HealthCamp UK 2008‎ > ‎Schedule‎ > ‎

Personal health records

Lightning talks

Google Video


Leaders from around the world
  • Kaiser and VA are two best
  • UK is probably third best
  • Estonia is starting a national program
How do we raise awareness for the possibilities among the different user groups?
  • Clinicians
  • Patients
  • Carers

What does the consumer want?

  • Trust: Patients want trust before they feel confident enough to engage
  • Utility: PHRs are not a means to an end, not the end itself
Study from Mark of 5000 patients in Health Engagement Barometer
  • interested in health care and searching for them on the web
  • want organizations to engage them proactively
  • want engagements on how to improve health care and wellness
  • "UK was least engaged in health care"
Positive (+)
Negative (-)
Engagement... but as more engaged, actually build up trustMistrust: security and privacy (not the same as security)
People who are well are simply not interested in PHRs
Must find the patients where they are: Bebo, TV, mobile phones, XBox, proxy (GP, family member) etc. No single ways.
Liability: who is responsible when information is streaming in multiple media?
Submission of data from patients much higher through mobile phones
Provenance: what do you about patient-submitted data?
Participatory medicine needs data submission
Do you trust data from a home monitoring device?
What is the killer app rather than forcing the patient to use this through incentives? Disease management for the chronically ill. Patients instantly understand this.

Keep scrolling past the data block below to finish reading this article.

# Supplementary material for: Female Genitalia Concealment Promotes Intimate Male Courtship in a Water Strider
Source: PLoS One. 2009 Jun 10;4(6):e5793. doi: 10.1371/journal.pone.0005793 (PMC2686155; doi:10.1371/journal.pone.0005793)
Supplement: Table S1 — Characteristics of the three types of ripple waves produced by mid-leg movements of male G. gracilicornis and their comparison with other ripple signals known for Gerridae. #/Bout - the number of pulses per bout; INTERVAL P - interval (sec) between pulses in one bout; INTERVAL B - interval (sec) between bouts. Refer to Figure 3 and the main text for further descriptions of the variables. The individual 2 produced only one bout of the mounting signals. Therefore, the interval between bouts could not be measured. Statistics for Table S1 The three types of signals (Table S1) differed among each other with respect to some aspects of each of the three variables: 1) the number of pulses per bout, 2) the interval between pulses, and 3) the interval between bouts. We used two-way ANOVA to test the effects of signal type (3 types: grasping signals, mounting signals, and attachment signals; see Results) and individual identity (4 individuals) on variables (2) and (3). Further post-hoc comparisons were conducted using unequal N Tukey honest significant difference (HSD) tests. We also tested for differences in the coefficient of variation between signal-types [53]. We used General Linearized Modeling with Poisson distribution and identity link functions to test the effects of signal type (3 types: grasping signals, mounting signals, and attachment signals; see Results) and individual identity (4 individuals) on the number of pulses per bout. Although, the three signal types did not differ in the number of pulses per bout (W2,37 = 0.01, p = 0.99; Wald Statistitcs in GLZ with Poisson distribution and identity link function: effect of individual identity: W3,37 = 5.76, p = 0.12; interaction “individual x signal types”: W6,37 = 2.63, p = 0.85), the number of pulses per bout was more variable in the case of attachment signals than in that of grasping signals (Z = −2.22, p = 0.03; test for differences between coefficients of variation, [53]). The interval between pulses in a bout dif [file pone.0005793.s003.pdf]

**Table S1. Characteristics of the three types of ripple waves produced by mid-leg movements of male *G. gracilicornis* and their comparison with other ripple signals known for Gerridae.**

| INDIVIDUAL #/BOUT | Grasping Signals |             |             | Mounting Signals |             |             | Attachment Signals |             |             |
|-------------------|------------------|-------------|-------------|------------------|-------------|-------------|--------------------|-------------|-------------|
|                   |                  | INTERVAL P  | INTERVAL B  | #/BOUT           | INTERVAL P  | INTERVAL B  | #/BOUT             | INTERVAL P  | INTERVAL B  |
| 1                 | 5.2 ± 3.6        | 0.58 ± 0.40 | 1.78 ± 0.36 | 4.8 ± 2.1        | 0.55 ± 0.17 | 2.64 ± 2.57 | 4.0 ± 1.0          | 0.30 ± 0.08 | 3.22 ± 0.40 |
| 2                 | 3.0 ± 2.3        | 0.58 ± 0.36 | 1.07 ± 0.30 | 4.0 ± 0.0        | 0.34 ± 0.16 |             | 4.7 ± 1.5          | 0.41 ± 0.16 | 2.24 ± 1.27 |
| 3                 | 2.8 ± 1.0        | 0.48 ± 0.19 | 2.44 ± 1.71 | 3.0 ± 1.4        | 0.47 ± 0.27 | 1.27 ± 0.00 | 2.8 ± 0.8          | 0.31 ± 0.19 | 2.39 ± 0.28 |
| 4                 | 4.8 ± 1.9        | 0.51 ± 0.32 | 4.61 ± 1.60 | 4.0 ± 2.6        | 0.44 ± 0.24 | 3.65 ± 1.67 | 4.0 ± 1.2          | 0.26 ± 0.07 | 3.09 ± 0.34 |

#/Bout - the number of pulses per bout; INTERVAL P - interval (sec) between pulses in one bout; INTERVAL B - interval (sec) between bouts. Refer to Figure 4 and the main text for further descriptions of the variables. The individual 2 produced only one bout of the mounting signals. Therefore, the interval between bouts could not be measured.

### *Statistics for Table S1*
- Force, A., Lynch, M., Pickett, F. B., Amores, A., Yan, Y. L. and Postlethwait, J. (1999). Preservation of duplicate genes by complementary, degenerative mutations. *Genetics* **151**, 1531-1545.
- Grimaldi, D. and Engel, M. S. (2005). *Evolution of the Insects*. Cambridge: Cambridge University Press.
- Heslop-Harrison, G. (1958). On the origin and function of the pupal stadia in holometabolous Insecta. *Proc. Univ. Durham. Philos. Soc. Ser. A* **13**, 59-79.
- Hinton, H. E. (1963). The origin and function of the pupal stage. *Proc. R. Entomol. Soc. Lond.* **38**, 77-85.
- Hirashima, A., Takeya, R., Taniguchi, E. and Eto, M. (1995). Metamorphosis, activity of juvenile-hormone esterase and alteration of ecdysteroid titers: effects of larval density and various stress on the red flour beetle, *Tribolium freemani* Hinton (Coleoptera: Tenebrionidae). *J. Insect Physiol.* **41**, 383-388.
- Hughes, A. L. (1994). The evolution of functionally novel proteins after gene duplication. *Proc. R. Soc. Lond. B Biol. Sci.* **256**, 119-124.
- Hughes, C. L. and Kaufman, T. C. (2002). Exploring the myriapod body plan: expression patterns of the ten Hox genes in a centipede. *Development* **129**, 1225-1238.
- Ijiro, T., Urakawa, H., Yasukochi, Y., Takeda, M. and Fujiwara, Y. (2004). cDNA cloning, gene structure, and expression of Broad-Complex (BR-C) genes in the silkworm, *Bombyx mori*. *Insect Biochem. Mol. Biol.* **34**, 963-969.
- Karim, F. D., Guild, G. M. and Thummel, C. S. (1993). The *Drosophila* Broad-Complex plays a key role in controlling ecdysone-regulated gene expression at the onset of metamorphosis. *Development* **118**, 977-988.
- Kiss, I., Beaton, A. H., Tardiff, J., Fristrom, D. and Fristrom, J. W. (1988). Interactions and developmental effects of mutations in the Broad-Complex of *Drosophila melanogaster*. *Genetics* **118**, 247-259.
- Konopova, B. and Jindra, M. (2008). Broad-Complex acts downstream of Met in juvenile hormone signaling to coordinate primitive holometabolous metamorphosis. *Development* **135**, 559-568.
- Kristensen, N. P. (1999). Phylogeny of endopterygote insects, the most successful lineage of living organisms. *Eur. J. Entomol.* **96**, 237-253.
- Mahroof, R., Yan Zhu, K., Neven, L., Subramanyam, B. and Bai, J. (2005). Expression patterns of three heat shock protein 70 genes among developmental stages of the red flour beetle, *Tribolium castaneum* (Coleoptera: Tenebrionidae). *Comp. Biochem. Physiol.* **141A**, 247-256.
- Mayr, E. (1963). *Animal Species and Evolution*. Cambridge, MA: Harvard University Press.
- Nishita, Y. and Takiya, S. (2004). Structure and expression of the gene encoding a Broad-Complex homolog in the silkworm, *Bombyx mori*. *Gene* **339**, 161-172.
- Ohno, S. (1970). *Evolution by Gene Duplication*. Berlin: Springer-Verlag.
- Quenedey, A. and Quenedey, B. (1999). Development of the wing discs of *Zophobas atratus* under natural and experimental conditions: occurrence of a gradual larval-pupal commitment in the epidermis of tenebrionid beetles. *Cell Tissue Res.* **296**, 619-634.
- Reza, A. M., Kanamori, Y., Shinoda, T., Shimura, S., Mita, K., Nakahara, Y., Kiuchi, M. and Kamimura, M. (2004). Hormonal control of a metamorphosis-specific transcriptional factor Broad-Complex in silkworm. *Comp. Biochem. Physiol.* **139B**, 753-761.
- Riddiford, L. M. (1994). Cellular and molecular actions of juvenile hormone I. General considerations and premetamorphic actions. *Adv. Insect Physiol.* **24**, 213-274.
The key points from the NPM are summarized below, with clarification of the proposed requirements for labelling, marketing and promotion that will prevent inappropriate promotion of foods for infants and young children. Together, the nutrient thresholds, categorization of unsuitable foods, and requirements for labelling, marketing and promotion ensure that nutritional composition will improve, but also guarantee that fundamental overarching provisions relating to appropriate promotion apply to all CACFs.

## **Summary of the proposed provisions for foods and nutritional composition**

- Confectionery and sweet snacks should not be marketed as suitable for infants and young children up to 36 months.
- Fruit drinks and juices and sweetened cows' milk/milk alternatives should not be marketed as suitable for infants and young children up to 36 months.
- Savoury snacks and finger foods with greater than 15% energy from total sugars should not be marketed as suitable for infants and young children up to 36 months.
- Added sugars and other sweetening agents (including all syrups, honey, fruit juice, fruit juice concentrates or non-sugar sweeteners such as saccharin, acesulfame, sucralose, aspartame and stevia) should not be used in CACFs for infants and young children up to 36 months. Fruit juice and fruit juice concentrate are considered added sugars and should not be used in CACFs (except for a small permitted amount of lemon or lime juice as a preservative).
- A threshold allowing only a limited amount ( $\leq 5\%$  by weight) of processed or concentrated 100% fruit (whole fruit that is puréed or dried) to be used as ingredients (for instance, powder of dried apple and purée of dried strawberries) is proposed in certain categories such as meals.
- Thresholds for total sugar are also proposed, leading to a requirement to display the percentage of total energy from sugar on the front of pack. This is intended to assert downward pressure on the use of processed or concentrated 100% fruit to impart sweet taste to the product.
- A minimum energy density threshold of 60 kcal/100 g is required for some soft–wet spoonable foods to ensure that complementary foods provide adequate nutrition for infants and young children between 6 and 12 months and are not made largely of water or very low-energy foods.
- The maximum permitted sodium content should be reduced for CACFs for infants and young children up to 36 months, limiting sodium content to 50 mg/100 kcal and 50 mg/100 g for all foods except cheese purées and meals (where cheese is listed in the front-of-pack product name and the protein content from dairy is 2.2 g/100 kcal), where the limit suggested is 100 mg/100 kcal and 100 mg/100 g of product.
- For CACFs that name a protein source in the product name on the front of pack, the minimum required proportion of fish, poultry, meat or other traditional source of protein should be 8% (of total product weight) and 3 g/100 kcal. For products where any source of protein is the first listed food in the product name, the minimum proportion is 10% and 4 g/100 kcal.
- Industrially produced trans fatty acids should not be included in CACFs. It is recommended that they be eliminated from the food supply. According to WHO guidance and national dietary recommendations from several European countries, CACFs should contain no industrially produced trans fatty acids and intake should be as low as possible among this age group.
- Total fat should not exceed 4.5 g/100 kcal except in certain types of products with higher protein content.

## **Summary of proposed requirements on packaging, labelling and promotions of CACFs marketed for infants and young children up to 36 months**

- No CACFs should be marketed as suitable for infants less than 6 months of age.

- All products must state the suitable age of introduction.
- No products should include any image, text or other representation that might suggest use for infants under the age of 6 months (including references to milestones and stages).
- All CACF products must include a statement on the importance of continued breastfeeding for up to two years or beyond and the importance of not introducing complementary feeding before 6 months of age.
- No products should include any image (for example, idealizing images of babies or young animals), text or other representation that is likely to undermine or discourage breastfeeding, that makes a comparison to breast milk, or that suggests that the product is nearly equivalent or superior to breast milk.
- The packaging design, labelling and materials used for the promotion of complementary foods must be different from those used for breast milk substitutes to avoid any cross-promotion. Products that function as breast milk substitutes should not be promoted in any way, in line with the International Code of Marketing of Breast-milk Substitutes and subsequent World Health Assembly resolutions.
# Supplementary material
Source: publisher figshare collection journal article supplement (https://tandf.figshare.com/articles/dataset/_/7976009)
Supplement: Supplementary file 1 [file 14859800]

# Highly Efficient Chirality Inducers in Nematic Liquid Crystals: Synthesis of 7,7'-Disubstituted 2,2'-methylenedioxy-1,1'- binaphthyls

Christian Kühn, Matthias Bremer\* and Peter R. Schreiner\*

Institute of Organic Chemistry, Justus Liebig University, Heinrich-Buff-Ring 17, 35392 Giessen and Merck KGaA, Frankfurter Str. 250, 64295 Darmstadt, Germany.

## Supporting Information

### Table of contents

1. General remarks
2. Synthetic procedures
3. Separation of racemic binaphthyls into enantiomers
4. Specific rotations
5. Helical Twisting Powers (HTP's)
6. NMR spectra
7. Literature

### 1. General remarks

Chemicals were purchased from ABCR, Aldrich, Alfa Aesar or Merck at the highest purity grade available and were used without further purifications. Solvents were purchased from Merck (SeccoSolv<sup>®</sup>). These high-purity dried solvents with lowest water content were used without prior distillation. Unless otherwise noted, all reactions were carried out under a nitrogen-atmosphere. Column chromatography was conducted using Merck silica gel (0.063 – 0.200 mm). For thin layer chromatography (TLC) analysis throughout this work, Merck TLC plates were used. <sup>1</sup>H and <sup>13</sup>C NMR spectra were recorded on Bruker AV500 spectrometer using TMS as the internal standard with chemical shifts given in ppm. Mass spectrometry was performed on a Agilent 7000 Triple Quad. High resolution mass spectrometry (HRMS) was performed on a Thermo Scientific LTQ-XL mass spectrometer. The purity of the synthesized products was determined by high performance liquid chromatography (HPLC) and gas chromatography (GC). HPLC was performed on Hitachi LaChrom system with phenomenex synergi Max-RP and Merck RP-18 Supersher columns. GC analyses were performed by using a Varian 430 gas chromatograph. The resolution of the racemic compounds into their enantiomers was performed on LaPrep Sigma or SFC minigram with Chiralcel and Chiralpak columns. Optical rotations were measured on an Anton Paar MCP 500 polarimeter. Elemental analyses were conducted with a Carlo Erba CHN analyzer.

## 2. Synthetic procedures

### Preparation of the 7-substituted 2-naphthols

What will insurance companies with the information?

Useful suggestions
  • examples from iPlato: patients answer their GP's questions on their mobile phone in 50%. Also reduce DNAs, costs of data capture.
  • intervene as population feels worried: this is in waves, so catch when they are worried
  • games are powerful: e.g. Wii Fit
  • lots of other layers can be added later as passively build up first layer through games
  • provenance of patient-submitted data is the same as that with taking a patient history
  • linking data in PHR -> advice
  • patients instantly see the advantages
  • some evidence that get better health outcomes and fewer visits
  • must address trust head-on - give the control over the record's spread and usage to the patient
  • segment the market into wellness and disease management - different ways of approaching these are necessary
  • segmentation over age, time, and other dimensions
Regulatory framework
  • well-established financial arena
  • if you use the PHR on stick, people will stop using it
  • in Germany, the governmentnt is incentivizing the population to use the PHR through a trial with 7 million patients and a health insurance company
  • the PHR will force the issue on life insurance (the issue is being avoided at the moment)

How to do you convince the clinicians?

  • advantages for patients, yes, but clinicians are instinctually terrified (Brian has a list, including moral panic, litigation, worried well, consultations will take longer)
  • key legal problems, e.g. information they should not be allowed to see, or information that clinician should not show to patient as it is dangerous to their health
Useful suggestions
  • financial incentives to take part in the wellness of clinicians
  • collect case studies on ICMCC or
  • explain that increased access reduces health usage - e.g. from VA evidence
  • fundamentally, the problem is that this is about power sharing: participation rather than paternalism. Clinician now has to start trusting the patient. If we get there, it will be a whole new world of health care.
  • Clinicians are only with the patient 1 hour per year - the rest of the time, the patient is by themselves
  • hospital clinicians have different environment altogether